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For me, the moment this severity of the situation we’re in right now really set in when I went to the grocery store to pick up some eggs and saw empty shelf after empty shelf.  It’s a special kind of vulnerability you feel when you’re standing in front of an empty display of food, especially when you never realized how you once naively thought it would always be in abundance.  Panic buying and hoarding are very hot topics right now, and I was curious to see what my students of various backgrounds and incomes had to say.  I gave them these questions to consider in writing:

  • What’s causing “panic buying”?
  • Who/what type of people are participating in “panic buying”?
  • What is the result of “panic buying”?  What are the lasting effects?
  • What is the story behind this image?

Mentor # 3: Coronacancellations

2020 St. Patrick's Day Parade Button

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This political cartoon speaks to all of the cancellations that are the result of this viral outbreak.  I teach seniors for most of the day, and cancellations are a very big deal to them right now.  Sporting events, awards nights, proms, graduations—they’re all up in the air.  I did a Zoom videochat with some of my honors students last night, and they were so thrilled to see one another once again.  Here are the questions I had them consider when thinking about the issue of cancellations:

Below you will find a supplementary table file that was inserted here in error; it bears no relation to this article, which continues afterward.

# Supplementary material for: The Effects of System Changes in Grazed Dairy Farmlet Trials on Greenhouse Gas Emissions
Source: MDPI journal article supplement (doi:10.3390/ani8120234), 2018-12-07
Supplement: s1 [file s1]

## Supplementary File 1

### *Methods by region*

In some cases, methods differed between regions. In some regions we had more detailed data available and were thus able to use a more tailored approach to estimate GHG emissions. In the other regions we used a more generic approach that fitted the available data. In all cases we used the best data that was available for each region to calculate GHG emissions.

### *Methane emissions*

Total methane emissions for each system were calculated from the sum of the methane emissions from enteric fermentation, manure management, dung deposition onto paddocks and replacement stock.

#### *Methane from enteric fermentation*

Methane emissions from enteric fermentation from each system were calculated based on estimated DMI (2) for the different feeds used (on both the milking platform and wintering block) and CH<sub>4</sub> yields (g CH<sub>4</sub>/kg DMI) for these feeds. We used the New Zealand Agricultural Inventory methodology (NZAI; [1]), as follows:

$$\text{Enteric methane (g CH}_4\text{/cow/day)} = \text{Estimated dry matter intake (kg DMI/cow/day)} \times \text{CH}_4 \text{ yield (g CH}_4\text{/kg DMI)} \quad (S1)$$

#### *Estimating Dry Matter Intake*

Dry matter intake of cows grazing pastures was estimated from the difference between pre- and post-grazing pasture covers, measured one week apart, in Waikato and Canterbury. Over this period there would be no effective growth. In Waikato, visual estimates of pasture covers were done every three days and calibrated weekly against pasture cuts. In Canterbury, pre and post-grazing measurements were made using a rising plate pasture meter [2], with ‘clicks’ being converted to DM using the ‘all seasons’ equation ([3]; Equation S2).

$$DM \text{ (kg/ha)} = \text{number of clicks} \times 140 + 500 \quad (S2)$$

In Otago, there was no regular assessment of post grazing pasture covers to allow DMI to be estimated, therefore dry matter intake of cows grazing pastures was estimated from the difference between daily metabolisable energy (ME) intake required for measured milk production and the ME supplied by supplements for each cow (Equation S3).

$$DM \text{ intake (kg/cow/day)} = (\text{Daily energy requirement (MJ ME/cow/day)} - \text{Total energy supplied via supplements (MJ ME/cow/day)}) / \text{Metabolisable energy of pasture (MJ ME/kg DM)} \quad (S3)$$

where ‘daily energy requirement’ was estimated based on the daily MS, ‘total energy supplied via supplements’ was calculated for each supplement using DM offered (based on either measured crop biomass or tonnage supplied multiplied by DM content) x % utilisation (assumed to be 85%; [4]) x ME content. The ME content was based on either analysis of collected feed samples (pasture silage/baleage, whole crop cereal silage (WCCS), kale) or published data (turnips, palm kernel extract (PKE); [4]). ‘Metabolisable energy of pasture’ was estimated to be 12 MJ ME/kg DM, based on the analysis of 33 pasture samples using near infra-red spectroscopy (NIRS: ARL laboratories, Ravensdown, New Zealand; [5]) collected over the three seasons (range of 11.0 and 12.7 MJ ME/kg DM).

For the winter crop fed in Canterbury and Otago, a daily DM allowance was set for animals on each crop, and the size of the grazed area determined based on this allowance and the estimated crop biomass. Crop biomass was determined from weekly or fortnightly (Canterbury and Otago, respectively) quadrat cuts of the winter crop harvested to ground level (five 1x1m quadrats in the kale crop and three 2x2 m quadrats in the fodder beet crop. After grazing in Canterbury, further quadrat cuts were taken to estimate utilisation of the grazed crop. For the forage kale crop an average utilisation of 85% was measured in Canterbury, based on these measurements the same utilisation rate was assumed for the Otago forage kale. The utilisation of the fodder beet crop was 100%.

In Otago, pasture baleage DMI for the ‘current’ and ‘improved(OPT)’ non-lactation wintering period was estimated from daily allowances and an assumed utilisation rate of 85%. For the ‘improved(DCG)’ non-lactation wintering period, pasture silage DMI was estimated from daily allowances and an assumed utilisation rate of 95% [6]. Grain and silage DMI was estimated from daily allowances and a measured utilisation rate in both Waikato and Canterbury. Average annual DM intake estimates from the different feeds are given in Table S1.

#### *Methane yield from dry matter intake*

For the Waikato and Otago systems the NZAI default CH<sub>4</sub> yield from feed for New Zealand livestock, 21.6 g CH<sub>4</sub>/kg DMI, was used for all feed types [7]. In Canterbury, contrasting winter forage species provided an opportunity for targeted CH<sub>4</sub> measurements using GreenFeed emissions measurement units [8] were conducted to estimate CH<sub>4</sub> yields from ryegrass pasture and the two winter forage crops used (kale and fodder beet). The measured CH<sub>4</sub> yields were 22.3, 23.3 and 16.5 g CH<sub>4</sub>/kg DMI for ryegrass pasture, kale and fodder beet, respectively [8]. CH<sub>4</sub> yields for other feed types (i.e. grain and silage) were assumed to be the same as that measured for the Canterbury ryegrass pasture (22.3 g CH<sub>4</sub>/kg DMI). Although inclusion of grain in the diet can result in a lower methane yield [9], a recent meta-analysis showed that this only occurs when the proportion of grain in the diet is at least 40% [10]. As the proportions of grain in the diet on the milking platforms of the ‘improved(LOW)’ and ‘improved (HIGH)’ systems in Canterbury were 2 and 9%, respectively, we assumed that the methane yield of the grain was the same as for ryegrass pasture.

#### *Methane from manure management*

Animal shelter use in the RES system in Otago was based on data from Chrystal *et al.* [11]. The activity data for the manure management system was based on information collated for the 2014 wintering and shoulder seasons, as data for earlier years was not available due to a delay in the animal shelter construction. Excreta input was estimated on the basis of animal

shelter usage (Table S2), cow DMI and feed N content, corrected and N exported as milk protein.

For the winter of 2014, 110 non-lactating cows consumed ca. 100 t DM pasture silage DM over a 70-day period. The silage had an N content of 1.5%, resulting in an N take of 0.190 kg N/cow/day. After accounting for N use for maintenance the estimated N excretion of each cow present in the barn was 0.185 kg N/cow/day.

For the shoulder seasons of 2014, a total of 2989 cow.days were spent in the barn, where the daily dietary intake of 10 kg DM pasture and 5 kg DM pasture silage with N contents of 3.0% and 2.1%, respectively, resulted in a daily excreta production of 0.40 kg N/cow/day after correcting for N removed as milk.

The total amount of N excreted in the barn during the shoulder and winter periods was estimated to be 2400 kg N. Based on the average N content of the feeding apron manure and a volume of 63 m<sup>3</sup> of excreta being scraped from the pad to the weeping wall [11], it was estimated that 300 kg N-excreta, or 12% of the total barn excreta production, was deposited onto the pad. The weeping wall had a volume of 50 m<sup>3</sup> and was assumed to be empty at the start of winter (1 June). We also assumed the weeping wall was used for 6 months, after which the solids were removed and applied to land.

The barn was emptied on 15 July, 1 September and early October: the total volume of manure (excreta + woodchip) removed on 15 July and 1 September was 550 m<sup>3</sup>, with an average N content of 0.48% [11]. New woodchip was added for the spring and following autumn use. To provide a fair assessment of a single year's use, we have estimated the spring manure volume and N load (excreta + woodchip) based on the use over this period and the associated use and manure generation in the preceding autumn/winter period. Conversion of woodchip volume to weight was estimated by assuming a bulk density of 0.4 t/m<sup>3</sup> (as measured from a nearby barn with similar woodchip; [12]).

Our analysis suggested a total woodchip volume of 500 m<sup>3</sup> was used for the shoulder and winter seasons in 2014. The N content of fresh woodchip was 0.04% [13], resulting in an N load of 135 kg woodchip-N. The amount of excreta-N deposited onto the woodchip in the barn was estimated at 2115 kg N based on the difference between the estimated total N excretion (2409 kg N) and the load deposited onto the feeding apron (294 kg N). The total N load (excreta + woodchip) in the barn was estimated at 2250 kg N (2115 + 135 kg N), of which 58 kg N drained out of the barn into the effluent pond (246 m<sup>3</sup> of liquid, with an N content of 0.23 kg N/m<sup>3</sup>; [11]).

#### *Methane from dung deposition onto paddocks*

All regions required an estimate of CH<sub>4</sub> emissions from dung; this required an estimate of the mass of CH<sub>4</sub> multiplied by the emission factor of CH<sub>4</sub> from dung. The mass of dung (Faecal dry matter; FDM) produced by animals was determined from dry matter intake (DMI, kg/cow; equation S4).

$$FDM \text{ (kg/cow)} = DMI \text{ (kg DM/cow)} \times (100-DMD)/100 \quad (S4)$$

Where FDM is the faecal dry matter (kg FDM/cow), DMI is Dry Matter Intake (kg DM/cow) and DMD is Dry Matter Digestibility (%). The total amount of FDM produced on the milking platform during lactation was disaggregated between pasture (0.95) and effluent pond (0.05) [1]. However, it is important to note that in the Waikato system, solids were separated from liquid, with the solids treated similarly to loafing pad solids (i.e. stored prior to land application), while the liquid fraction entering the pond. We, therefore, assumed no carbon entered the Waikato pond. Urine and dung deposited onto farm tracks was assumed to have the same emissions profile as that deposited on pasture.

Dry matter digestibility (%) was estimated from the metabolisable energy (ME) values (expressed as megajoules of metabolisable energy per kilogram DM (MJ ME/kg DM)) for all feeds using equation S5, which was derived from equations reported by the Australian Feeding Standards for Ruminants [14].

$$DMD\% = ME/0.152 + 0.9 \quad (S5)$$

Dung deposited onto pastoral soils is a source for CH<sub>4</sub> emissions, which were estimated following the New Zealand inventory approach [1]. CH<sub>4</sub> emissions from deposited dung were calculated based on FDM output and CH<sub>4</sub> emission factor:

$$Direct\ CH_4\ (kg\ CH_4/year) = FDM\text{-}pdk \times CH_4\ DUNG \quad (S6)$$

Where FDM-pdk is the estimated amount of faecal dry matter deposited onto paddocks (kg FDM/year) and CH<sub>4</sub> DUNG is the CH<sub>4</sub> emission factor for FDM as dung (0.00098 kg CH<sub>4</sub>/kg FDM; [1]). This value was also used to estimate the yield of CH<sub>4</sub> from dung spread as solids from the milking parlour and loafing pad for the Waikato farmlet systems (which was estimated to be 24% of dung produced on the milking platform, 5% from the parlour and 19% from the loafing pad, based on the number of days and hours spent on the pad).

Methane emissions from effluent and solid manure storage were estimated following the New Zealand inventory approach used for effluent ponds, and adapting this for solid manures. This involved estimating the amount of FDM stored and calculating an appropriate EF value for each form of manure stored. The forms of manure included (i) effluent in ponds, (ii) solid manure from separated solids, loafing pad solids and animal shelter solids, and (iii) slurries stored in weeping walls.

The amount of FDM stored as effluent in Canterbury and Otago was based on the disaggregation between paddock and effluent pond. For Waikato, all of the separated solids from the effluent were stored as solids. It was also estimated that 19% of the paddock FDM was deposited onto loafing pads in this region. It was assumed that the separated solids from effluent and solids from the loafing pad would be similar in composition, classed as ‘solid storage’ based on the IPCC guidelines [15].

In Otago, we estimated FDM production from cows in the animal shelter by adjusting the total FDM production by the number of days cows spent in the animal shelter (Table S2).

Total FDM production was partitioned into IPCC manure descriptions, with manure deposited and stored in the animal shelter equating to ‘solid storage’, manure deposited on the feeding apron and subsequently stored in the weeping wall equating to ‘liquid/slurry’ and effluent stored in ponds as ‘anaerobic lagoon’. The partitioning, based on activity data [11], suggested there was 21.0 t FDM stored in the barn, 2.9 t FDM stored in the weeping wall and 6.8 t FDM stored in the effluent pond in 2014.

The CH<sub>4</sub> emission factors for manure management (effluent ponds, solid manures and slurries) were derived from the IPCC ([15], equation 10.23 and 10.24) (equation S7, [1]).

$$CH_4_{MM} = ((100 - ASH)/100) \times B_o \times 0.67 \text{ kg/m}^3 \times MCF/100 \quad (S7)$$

• How have “Coronacancellations” affected you?
  • How might “Coronacancellations” affect you in the future?  Do you have any worries or concerns?
  • How can you find creative ways to still do the things you want to do?  (Example: If a race you want to run in was cancelled, you could time yourself on the treadmill instead.)

On a side note, I loved the vibe I got from my students last night regarding possible cancellations.  They really had such great, optimistic attitudes, despite the situation they’re stuck in during one of the most important moments of their educational careers.  It just reminded me that if we’re willing to listen, we’ll find so much hope in our students.

Mentor # 4: Infamous Infographic

Image result for corona virus infographic CDC
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If you’ve been on the internet in the last two weeks, you’ve probably seen this infographic.  I know it’s what made a lot of adults go from “Why are people so worried about this?!” to “Ohh… yeah, that’s a problem.”  This just goes to show how powerful information can be when it’s presented in the form of data.  I wanted to see how my students reacted to this infographic, so I had them consider these questions:

  • What is the data telling us?
  • What is the data not telling us?
  • What story is this data telling?
  • How does this data relate to what is happening in the world?


I wish I could say more and reflect on how these prompts went over with my students, but I’m not able to do that yet.  Like many others, a lot of my students don’t have reliable internet access at home, so they will be turning in their responses to these prompts when we return to school on the 13th (*fingers crossed*).

However, I can say this with confidence: while the times are uncertain, my faith in my students and in teachers is not.  If anyone can pull this off, we can together.  I hope I have shared something useful with you today that can help your students record their version of this moment in history.  I urge you to pay it forward!  If you stumble across something that begs to be written about, please share!


What COVID19-related mentor texts have you found that have served as inspiration for your students’ writing?  Please tweet some #mentortexts my way on Twitter @TimmermanPaige!